I love the Whippets of the United Kingdom, as this is the mother land of my breed, and they are indeed still very strong.
Easley, South Carolina
I have shown dogs in Bermuda, and it was a great experience. Small dog show, a very beautiful island and American judges. Bermuda is not exactly a foreign country, but it is not a part of the U.S. I think 99 percent of the exhibitors were from the U.S.
I have had nothing but wonderful experiences when showing my Dandie Dinmonts internationally.
In 2003, when the Pet Passport replaced quarantine for North American dogs, Can/Am Ch. Glahms Golden Legacy (“Dawson”) became the first dog from North America to win a championship club breed specialty show. I then took him to Torino, Italy, where well-known handler Richard Hellman was so helpful, translating the announcements and lending me equipment. Legacy won the Terrier Group, and went on to BIS 3, which I almost missed, had it not been for Richard (who was beside us on the podium, as he won BIS).
The following year I returned to Britain, where Legacy achieved his U.K. championship with two more BOBs, culminating by winning the Terrier Group at the prestigious Windsor Dog Show. Again, I was given encouragement and sincere congratulations from the other competitors.
In 2005 we flew to Buenos Aires to the World Show. Handler Hugo Quevedo met me at the airport, took me by taxi to my hotel, loaned me his grooming table, and even knocked on the hotel-room door to inform me about the smoke bomb that disrupted the event. Legacy won the Terrier Group the first day of the World Show and was awarded BIS 4.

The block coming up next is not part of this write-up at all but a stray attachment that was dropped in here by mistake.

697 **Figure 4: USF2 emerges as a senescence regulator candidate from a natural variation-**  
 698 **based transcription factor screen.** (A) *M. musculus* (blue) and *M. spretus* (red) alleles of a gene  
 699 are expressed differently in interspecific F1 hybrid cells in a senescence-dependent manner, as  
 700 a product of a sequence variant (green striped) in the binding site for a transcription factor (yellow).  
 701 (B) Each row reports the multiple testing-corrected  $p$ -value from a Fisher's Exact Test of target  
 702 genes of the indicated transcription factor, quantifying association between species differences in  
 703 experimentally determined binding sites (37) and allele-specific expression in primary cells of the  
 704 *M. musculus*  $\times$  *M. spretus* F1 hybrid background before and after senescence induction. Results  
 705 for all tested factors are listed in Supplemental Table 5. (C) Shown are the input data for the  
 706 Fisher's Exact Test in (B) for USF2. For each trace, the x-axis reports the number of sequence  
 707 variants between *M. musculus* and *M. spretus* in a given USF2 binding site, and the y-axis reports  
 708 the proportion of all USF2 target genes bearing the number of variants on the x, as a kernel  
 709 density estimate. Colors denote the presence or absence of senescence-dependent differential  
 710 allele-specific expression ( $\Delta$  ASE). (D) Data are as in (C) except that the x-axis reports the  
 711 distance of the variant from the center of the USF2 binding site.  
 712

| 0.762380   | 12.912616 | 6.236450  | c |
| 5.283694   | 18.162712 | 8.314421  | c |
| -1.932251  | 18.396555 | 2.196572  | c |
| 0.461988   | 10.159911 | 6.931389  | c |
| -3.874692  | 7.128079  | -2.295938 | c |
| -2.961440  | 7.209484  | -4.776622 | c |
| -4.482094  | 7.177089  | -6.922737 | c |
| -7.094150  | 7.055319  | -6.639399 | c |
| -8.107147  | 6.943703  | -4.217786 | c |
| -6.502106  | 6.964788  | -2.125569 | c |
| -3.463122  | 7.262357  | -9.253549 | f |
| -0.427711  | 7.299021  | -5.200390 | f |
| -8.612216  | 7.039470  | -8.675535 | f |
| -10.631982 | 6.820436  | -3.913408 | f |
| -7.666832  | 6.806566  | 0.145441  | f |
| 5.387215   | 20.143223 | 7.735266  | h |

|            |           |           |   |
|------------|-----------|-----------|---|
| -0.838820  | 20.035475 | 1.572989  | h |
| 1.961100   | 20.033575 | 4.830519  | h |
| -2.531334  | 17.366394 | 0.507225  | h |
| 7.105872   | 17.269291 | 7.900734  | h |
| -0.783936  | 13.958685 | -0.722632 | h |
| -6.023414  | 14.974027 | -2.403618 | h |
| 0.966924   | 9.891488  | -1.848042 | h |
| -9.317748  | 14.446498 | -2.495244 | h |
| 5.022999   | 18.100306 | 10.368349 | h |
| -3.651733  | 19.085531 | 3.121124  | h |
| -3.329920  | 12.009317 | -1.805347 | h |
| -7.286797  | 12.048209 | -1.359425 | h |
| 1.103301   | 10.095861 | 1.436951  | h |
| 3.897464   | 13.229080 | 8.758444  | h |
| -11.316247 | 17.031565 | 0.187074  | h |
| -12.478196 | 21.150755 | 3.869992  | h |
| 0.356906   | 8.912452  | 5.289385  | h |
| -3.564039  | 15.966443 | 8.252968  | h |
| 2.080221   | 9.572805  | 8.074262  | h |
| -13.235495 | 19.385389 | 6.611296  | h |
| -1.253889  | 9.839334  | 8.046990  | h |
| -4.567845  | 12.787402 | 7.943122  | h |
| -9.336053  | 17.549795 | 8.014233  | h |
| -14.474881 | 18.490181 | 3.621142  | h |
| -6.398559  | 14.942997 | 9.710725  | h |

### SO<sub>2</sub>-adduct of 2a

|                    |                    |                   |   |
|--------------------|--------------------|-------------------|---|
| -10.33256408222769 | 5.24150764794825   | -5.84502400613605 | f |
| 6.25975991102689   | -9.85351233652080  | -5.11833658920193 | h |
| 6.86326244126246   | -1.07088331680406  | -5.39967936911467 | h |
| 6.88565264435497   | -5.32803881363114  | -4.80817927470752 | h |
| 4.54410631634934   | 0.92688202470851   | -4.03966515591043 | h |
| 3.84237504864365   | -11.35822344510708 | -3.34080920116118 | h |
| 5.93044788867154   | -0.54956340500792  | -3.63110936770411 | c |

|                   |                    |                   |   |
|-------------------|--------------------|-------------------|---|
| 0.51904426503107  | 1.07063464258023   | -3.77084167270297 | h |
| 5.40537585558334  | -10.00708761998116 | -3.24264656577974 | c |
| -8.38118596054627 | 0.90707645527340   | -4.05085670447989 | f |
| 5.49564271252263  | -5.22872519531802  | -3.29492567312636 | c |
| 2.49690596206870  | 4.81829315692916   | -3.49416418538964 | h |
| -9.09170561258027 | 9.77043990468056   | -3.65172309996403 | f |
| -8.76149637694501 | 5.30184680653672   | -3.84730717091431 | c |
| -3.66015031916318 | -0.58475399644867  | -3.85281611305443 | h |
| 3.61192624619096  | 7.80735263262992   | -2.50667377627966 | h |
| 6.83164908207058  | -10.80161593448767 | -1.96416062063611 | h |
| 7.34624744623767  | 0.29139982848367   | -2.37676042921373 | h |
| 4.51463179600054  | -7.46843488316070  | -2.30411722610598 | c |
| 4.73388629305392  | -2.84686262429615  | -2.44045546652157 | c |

Had it not been for the encouragement and generosity of these wonderful people, I am certain I would not have had such a glorious time in those three years. We came home adding more championship titles to total nine. He was now officially known as Canadian, American, British, International, Latin American, Argentinian, Argentinian Grand Champion, Las Americas & Caribe Winner (05) and World (05) Champion Glahms Golden Legacy CGN.
The only negative was that on the way to Argentina a drunken passenger had to be removed from the plane in Trinidad, and the unexpected landing and delay meant that Legacy went 19 hours without urinating. The look on his sweet face when we came out of the airport to finally relieve himself on a piece of grass was priceless!